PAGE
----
Friday, March 10, 2006

The Power of the Network: For Good or Evil

Hell's AngelsCrime: 'Netbangers,' Beware
Street gangs are going online to compare notes and pick fights. But the cops are right behind them.
By Daren Briscoe

March 13, 2006 issue - With a seasoned cop's knowing eye, Lake Worth, Fla., police agent Brian Hermanson cruised recently through some known gang hangouts. He was soon onto potential trouble: someone rolling through the neighborhood in a blue Lincoln and flashing gang signs. There was no crime—yet—but Hermanson knew to keep an eye out for the car. Not a bad bit of police work, especially for a guy who hadn't even left his desk. Hermanson gleaned the tip from a few minutes spent browsing a local gang member's personal Web page. The 15-year veteran cop used to spend most of his days on the streets, drawing a bead on gang activity by reading graffiti and chatting up members. But that changed in 2004, when his investigation into a deadly drive-by shooting stalled. Some teenagers asked if he'd checked the Internet for clues. Hermanson took their advice, and found himself transported into the little-known realm of "Netbanging." Across the nation, street gangs have taken their neighborhood feuds, colors and rituals online. Hermanson eventually found chat-room conversations that helped secure two convictions in the drive-by case. Ever since, he's spent 15 to 20 hours a week scanning Web sites for clues about local gang activity. "For a guy that's working gang shootings, this is great stuff," Hermanson tells NEWSWEEK.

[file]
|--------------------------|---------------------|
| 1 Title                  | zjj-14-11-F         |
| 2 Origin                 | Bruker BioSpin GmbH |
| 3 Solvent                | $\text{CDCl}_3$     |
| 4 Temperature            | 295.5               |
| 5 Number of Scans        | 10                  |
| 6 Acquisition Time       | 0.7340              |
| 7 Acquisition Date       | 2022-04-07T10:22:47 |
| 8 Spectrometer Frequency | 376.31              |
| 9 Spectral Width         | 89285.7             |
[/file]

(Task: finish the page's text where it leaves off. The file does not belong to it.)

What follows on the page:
Like everyone else, street gangs are staking out a place on the Web. Det. Juan Colon, who trains gang investigators for the New Jersey State Police, began researching online gang activity in 2000. "But in the last three years," he says, "there's just been an explosion of this stuff." Some of the more established cliques, like L.A.'s Mid City and Clanton gangs, have professional-quality sites. Click onto Clanton's Web site and you'll find a detailed gang history, complete with photographs dating to the 1970s. "It's basically a way for everybody in the neighborhood to keep in contact," says the gang's Webmaster, who agreed to be identified only by his street name, Stalker. "We talk about old-school traditions." Mid City's Web site is run by a 30-year-old retired member who goes by Cricket. The site, he says, is nothing more than a place to showcase the "Mid City Kingdom Lifestyle"—which, if the photos there are any indication, includes a lot of macho posing, boozy hugging and throwing of the gang's hand signs. (After being contacted by news-week, Cricket, who spent some time in California's juvenile-justice system and has since earned a bachelor's degree in Web design, scrubbed the site and added legal disclaimers.) Stalker says his Web site is "not for recruiting." But intended or not, the sites have expanded gangs' reach far beyond poor, urban street corners. Now anyone with a computer can live—or pretend to live—the thug life.

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